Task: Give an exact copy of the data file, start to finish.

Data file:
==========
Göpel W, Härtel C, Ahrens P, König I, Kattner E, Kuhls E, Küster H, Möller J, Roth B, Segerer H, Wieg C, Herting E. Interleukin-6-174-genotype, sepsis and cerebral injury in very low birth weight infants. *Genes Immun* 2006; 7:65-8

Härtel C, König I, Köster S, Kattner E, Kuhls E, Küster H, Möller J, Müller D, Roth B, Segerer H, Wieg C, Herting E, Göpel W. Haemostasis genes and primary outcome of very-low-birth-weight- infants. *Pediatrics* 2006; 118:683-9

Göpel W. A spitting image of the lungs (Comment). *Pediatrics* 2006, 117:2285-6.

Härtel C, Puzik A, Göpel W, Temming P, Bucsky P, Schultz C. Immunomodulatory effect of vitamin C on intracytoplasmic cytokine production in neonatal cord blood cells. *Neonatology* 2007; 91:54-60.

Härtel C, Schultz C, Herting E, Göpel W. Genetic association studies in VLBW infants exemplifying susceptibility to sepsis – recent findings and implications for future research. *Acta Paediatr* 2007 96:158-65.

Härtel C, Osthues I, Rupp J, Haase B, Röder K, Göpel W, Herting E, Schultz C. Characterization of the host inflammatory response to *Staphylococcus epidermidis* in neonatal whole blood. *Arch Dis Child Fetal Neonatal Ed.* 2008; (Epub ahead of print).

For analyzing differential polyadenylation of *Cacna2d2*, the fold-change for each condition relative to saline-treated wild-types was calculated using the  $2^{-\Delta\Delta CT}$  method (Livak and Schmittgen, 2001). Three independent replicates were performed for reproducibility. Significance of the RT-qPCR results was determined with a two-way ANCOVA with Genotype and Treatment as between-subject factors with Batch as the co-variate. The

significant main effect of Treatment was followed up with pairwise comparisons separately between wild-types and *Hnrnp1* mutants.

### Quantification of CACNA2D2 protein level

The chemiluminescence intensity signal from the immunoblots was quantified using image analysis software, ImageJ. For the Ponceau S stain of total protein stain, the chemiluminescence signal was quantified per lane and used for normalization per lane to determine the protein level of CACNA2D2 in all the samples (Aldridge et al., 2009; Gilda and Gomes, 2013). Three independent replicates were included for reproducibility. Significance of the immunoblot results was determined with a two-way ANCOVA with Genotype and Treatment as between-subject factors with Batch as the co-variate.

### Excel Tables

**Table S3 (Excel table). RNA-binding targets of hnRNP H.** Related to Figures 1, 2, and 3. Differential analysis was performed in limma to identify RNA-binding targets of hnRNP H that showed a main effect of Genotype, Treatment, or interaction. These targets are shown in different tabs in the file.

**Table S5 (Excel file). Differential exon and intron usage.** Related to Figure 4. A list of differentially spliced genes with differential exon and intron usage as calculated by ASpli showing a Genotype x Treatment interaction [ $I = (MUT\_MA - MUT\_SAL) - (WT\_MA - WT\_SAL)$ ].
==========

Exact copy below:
Göpel W, Härtel C, Ahrens P, König I, Kattner E, Kuhls E, Küster H, Möller J, Roth B, Segerer H, Wieg C, Herting E. Interleukin-6-174-genotype, sepsis and cerebral injury in very low birth weight infants. *Genes Immun* 2006; 7:65-8

Härtel C, König I, Köster S, Kattner E, Kuhls E, Küster H, Möller J, Müller D, Roth B, Segerer H, Wieg C, Herting E, Göpel W. Haemostasis genes and primary outcome of very-low-birth-weight- infants. *Pediatrics* 2006; 118:683-9

Göpel W. A spitting image of the lungs (Comment). *Pediatrics* 2006, 117:2285-6.

Härtel C, Puzik A, Göpel W, Temming P, Bucsky P, Schultz C. Immunomodulatory effect of vitamin C on intracytoplasmic cytokine production in neonatal cord blood cells. *Neonatology* 2007; 91:54-60.

Härtel C, Schultz C, Herting E, Göpel W. Genetic association studies in VLBW infants exemplifying susceptibility to sepsis – recent findings and implications for future research. *Acta Paediatr* 2007 96:158-65.

Härtel C, Osthues I, Rupp J, Haase B, Röder K, Göpel W, Herting E, Schultz C. Characterization of the host inflammatory response to *Staphylococcus epidermidis* in neonatal whole blood. *Arch Dis Child Fetal Neonatal Ed.* 2008; (Epub ahead of print).

For analyzing differential polyadenylation of *Cacna2d2*, the fold-change for each condition relative to saline-treated wild-types was calculated using the  $2^{-\Delta\Delta CT}$  method (Livak and Schmittgen, 2001). Three independent replicates were performed for reproducibility. Significance of the RT-qPCR results was determined with a two-way ANCOVA with Genotype and Treatment as between-subject factors with Batch as the co-variate. The

significant main effect of Treatment was followed up with pairwise comparisons separately between wild-types and *Hnrnp1* mutants.

### Quantification of CACNA2D2 protein level

The chemiluminescence intensity signal from the immunoblots was quantified using image analysis software, ImageJ. For the Ponceau S stain of total protein stain, the chemiluminescence signal was quantified per lane and used for normalization per lane to determine the protein level of CACNA2D2 in all the samples (Aldridge et al., 2009; Gilda and Gomes, 2013). Three independent replicates were included for reproducibility. Significance of the immunoblot results was determined with a two-way ANCOVA with Genotype and Treatment as between-subject factors with Batch as the co-variate.

### Excel Tables

**Table S3 (Excel table). RNA-binding targets of hnRNP H.** Related to Figures 1, 2, and 3. Differential analysis was performed in limma to identify RNA-binding targets of hnRNP H that showed a main effect of Genotype, Treatment, or interaction. These targets are shown in different tabs in the file.

**Table S5 (Excel file). Differential exon and intron usage.** Related to Figure 4. A list of differentially spliced genes with differential exon and intron usage as calculated by ASpli showing a Genotype x Treatment interaction [ $I = (MUT\_MA - MUT\_SAL) - (WT\_MA - WT\_SAL)$ ].